Corporation, LLC, Sole-Proprietor

SEPARATING YOUR BUSINESS AND PERSONAL FINANCES

The first set of steps for any business entity should be to create clear separation between your business and your personal finances.   My  experience as a CPA representing clients on IRS audits for over 30 years has shown me time and time again that when there is no clear separation, audit results are not as good.  

The first step is to clearly establish an independent entity from yourself. This can be a sole proprietorship or a single member LLC, or even more separation with an S Corporation, Corporation, or multi-member LLC. These entities generally require you to obtain a federal identification number (EIN) for tax reporting purposes. 

After you have established the business legal structure you can obtain a business license in the city in which you do business. This allows you to operate in that particular city. If you need to file a fictitious name for your business, this is usually done at the county level by paying a fee, and publishing this information for a period of time.

 Create bank accounts using the business name, and federal ID number. Begin business activity by having deposits, and expenditures go through your business operating account. If you are establishing merchant accounts, and other PayPal type accounts, always use your business name and federal ID number for tax recording. As best you can, utilize your business banking for your business related activities, and your personal banking for your personal activities. This will generally require that you either transfer funds, or write a check from your business to your personal to be able to pay your personal bills. This is absolutely normal and expected.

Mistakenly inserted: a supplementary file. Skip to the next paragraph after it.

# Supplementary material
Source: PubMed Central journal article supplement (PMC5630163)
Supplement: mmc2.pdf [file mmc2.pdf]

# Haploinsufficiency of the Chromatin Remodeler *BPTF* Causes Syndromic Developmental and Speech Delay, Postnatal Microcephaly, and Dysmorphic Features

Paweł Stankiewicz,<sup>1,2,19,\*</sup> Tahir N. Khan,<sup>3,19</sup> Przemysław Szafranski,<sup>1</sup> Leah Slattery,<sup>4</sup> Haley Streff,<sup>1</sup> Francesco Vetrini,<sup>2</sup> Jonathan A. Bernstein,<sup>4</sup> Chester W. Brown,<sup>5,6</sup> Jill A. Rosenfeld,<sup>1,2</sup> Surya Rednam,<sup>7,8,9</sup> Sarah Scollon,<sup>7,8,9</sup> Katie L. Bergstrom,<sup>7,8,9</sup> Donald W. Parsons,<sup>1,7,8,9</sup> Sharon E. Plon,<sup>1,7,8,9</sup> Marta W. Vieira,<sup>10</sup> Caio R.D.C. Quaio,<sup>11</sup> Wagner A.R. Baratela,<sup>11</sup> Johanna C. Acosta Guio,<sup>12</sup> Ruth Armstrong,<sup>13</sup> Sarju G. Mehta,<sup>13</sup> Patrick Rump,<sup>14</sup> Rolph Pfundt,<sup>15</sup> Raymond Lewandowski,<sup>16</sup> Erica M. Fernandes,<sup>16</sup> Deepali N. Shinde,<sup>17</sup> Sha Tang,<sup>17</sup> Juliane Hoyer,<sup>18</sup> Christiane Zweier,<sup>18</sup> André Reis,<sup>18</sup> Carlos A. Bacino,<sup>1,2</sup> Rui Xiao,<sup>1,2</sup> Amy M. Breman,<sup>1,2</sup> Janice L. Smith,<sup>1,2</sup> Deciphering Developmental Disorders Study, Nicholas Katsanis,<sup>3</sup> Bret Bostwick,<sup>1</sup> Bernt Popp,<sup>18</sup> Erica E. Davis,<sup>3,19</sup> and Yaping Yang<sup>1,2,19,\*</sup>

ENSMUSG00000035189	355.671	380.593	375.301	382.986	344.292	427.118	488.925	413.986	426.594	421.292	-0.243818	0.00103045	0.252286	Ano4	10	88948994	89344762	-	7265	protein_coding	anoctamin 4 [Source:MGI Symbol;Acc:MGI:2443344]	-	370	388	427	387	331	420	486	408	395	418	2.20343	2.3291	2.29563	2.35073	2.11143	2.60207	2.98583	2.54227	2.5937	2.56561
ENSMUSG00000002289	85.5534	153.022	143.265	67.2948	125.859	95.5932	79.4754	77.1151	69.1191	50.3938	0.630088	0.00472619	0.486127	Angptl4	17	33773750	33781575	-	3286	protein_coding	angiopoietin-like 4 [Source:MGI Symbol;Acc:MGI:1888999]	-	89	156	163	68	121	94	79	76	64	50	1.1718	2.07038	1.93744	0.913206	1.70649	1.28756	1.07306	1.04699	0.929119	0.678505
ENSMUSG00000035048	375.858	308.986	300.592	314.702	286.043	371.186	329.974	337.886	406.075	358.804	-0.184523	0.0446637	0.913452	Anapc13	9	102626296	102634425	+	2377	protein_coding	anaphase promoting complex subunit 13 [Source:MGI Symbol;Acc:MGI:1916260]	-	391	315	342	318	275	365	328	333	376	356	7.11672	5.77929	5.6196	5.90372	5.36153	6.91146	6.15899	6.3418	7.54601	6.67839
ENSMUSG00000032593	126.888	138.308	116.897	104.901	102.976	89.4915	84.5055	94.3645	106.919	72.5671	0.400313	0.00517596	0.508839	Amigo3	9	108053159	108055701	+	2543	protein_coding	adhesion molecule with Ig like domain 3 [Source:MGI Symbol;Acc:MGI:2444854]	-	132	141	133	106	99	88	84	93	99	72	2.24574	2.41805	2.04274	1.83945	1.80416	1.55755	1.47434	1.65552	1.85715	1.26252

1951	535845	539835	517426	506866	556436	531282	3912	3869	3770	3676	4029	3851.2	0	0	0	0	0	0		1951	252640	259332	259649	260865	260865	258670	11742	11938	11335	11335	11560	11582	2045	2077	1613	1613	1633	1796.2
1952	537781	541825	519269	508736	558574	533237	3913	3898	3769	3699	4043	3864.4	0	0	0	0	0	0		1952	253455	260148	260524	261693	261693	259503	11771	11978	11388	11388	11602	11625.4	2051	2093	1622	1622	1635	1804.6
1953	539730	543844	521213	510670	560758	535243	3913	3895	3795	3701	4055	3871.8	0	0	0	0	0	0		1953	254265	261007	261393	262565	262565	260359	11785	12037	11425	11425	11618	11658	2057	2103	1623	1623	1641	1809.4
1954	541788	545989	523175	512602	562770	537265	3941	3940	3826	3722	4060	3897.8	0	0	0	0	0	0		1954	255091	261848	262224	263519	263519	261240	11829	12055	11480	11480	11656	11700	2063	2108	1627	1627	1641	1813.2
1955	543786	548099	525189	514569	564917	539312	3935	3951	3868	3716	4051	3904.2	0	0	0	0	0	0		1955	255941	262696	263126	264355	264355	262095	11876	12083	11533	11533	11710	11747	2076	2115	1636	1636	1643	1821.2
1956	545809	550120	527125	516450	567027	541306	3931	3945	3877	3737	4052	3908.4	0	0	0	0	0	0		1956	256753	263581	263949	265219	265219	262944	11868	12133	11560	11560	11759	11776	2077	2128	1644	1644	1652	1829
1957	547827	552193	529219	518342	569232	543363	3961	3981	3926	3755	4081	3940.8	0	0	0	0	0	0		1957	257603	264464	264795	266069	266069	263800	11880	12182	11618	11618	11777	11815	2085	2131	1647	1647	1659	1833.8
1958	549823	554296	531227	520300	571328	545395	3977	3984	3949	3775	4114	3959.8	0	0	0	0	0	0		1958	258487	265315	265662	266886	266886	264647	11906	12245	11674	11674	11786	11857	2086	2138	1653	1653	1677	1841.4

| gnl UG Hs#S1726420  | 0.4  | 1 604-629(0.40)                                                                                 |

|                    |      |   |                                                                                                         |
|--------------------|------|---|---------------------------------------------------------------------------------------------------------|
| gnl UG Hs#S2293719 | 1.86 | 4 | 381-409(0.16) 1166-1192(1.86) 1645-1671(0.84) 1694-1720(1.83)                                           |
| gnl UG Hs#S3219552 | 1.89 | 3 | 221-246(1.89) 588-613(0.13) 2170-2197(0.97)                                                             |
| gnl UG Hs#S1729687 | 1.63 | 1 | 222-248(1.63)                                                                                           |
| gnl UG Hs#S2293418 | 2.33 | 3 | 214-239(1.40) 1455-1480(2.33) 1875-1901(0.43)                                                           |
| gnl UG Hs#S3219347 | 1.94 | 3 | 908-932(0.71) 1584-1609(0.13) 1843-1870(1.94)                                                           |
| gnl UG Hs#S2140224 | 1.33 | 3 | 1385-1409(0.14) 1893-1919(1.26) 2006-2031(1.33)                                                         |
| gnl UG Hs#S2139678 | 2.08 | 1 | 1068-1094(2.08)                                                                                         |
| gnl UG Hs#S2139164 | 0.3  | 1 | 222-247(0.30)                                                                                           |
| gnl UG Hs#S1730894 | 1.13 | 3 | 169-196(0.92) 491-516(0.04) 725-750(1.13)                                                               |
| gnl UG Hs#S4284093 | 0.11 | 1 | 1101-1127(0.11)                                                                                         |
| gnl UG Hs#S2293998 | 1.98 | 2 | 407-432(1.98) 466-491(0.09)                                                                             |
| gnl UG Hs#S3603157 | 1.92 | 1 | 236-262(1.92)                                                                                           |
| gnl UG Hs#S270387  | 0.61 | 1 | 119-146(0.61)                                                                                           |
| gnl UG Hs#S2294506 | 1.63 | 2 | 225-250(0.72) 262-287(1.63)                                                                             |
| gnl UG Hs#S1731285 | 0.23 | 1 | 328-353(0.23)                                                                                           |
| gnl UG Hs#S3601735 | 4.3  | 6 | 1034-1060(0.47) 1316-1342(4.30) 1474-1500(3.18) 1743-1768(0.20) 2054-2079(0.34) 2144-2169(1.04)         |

Implement a dedicated accounting system for your business by separating how and where you account for your personal expenditures. There are a variety of programs at different levels to use depending on your industry and needs. Many of these software programs allow your accountant to also log in to supervise the entries and postings, reconcile the system, and produce proper reports. These programs can also be helpful in administrating sales tax, payroll, and payroll tax functions.

Establish separate business credit from your personal credit as best you can by starting with credit cards in your company name and federal ID number. Having a credit card that is a different color for your business then your personal credit card is recommended. You will have the best luck identifying which one needs to be used as you are quickly reaching into your wallet or purse. The next level of business credit to obtain is equipment loans, and vehicle loans. The last and generally the largest is the business line of credit.

Utilize a method of reimbursement for the occasional time when you mix up a purchase or expenditure on either your business or personal account to maintain the clarity of your business activities, and for the accounting to also include the information as well. 

By using these simple guidelines, you’ll find, in creating a business specific environment for you to operate, both separation and clarity between your business and your personal finances.

Steven Z. Freeman, CPA and the staff at Freeman and Associates provides Business Services, Tax Planning, Entity Formation plus Maintenance, and Accounting Services and can assist you with these services. If you have any questions on this matter, or to schedule an initial consultation,

Please contact us at (805) 495-4211 or Steve@FreemanAssoc.net

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